Genetic programming and the predictive power of internet message traffic
Download
1 / 47

Genetic Programming and the Predictive Power of Internet Message Traffic - PowerPoint PPT Presentation


  • 301 Views
  • Updated On :

Genetic Programming and the Predictive Power of Internet Message Traffic. James D Thomas Katia Sycara. Outline. Introduction Data Trading Rules Framework Measures of Success A GP Learner Empirical Results Summary. Introduction.

Related searches for Genetic Programming and the Predictive Power of Internet Message Traffic

loader
I am the owner, or an agent authorized to act on behalf of the owner, of the copyrighted work described.
capcha
Download Presentation

PowerPoint Slideshow about 'Genetic Programming and the Predictive Power of Internet Message Traffic' - Solomon


An Image/Link below is provided (as is) to download presentation

Download Policy: Content on the Website is provided to you AS IS for your information and personal use and may not be sold / licensed / shared on other websites without getting consent from its author.While downloading, if for some reason you are not able to download a presentation, the publisher may have deleted the file from their server.


- - - - - - - - - - - - - - - - - - - - - - - - - - E N D - - - - - - - - - - - - - - - - - - - - - - - - - -
Presentation Transcript
Genetic programming and the predictive power of internet message traffic l.jpg

Genetic Programming and the Predictive Power of Internet Message Traffic

James D Thomas

Katia Sycara


Outline l.jpg
Outline

  • Introduction

  • Data

  • Trading Rules Framework

  • Measures of Success

  • A GP Learner

  • Empirical Results

  • Summary


Introduction l.jpg
Introduction

  • Uses genetic algorithms to examine the relevance of one new source of information -- the volume of message board postings on stock specific message boards on the financial discussion areas of yahoo.com and ragingbull.com.


Slide4 l.jpg


Slide5 l.jpg


Slide6 l.jpg
Data versions of this data set. (Thomas and Sycara, 2000).

  • Select Stocks

  • Time Universe

  • Split the Set of Stocks in Half

  • Market Data

  • Message Traffic Data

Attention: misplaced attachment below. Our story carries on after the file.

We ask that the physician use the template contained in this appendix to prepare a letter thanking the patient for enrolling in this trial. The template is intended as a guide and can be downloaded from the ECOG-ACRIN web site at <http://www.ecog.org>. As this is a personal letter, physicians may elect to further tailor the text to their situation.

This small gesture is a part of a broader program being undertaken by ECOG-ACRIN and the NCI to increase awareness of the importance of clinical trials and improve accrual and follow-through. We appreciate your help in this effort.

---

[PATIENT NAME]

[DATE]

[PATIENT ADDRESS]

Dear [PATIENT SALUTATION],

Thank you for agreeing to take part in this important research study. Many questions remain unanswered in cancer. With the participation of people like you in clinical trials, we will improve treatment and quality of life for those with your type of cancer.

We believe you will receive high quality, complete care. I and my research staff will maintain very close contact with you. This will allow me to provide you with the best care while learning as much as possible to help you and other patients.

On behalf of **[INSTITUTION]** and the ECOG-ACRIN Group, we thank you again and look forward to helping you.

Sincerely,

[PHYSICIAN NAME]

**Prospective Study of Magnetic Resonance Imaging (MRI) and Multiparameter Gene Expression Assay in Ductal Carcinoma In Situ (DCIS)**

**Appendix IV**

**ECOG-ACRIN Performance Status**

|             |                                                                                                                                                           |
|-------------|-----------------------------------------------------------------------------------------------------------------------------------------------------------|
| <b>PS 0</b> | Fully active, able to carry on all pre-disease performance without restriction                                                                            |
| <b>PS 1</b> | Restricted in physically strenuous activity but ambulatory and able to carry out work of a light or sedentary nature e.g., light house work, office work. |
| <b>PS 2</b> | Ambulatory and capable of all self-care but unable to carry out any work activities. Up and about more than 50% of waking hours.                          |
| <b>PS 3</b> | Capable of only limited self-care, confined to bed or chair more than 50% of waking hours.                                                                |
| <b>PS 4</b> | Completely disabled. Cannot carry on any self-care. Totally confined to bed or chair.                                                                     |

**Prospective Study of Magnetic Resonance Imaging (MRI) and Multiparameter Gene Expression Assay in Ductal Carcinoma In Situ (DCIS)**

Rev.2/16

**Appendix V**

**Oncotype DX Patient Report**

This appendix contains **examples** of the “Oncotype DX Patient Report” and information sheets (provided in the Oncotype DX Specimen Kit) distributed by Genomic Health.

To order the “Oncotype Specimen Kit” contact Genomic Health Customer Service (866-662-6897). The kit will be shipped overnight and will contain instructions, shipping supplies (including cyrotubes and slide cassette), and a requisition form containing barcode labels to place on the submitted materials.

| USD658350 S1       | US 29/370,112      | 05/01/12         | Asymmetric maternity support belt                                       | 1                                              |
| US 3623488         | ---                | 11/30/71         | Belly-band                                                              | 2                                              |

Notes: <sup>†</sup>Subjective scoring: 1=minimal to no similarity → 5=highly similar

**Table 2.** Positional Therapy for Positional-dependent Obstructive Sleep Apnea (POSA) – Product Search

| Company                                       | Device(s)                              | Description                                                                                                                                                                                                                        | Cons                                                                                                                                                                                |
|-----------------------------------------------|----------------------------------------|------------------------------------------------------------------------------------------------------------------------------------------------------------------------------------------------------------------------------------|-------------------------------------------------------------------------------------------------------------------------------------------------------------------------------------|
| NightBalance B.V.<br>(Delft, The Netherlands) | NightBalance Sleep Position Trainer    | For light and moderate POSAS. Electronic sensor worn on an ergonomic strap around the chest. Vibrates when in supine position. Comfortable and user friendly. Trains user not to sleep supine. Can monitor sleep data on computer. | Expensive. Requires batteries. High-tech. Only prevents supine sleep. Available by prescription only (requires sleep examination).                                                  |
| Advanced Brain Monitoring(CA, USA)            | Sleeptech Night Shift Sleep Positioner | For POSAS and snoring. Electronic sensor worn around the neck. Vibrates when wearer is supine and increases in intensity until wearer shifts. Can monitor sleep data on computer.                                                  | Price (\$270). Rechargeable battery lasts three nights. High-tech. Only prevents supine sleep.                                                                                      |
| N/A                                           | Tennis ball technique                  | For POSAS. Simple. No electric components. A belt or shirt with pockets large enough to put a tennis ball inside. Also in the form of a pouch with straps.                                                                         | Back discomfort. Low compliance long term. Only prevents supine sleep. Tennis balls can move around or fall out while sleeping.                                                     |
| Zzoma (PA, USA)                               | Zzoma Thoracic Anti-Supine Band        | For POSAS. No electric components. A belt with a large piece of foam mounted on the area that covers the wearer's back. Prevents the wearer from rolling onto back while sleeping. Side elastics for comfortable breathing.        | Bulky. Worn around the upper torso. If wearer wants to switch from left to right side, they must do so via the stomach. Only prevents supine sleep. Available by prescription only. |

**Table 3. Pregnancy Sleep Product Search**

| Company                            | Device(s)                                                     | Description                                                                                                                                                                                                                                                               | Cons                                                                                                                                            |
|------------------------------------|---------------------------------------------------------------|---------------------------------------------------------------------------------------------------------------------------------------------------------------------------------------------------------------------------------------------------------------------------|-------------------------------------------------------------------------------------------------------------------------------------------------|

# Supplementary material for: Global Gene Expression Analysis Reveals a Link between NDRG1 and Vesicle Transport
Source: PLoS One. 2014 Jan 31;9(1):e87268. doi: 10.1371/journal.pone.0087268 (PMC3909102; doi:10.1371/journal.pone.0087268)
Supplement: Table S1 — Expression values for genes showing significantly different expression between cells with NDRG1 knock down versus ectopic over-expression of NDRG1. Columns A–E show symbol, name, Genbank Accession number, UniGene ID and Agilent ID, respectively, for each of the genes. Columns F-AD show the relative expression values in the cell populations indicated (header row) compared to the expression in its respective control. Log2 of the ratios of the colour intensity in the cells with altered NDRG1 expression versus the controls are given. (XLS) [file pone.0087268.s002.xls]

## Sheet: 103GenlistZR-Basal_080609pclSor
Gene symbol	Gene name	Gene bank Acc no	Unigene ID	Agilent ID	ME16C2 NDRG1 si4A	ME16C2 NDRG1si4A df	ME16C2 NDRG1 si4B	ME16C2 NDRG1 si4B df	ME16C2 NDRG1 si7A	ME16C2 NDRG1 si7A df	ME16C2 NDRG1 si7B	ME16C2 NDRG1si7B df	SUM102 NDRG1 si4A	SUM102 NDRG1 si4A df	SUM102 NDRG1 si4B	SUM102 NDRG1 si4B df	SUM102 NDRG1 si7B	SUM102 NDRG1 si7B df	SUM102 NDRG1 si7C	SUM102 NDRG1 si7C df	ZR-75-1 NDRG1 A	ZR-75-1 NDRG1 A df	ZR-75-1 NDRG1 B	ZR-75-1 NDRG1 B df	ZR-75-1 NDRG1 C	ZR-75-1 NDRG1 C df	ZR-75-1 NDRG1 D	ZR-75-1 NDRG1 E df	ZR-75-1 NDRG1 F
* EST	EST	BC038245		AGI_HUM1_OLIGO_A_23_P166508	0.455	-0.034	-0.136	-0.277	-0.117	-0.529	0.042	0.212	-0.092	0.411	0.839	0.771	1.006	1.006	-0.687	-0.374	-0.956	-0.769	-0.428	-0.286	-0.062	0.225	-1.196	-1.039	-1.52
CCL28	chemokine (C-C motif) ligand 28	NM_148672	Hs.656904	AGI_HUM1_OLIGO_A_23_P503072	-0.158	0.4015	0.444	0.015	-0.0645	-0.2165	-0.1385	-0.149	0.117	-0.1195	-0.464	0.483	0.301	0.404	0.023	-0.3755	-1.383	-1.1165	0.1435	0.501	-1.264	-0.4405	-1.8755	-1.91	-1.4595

Select stocks l.jpg
Select Stocks versions of this data set. (Thomas and Sycara, 2000).

  • They limited the universe of stocks were those that appeared on the Russell 1000 (a list of the 1000 largest US equities by market capitalization, updated yearly) index for both 1999 and 2000, and who had price data dating back to Jan 1, 1998, on the yahoo.com quote server. This left us with 688 stocks.


Slide8 l.jpg


Time universe l.jpg
Time Universe versions of this data set. (Thomas and Sycara, 2000).

  • January 1, 1998 to December 31, 2001.


Split the set of stocks in half l.jpg
Split the Set of Stocks in Half versions of this data set. (Thomas and Sycara, 2000).

  • Randomly split this set of stocks in half

    • One half is used as a design set to build the algorithm.

    • The other half is used as a holdout test set to verify the results.


Market data l.jpg
Market Data versions of this data set. (Thomas and Sycara, 2000).

  • Downloaded split adjusted prices and trading volume off of the yahoo.com quote server for each stock.

  • Use those price figures to compute excess returns.

  • We realize that this ignores dividends and renders the excess return figures inexact; however, since most of the bulletin board with high discussion are technology companies who pay no dividends, we feel that this is an acceptable compromise.


Message traffic data l.jpg
Message Traffic Data versions of this data set. (Thomas and Sycara, 2000).

  • For the message traffic data itself, we collected posts off of both the yahoo.com and ragingbull.com bulletin boards for every stock in the stock universe.

  • Handle these counts of message board volume


Handle these counts of message board volume l.jpg
Handle These Counts of Message Board Volume versions of this data set. (Thomas and Sycara, 2000).

  • Only posts made while markets were closed were counted. (Information contained in posts made during market open should be factored quickly into the prices.)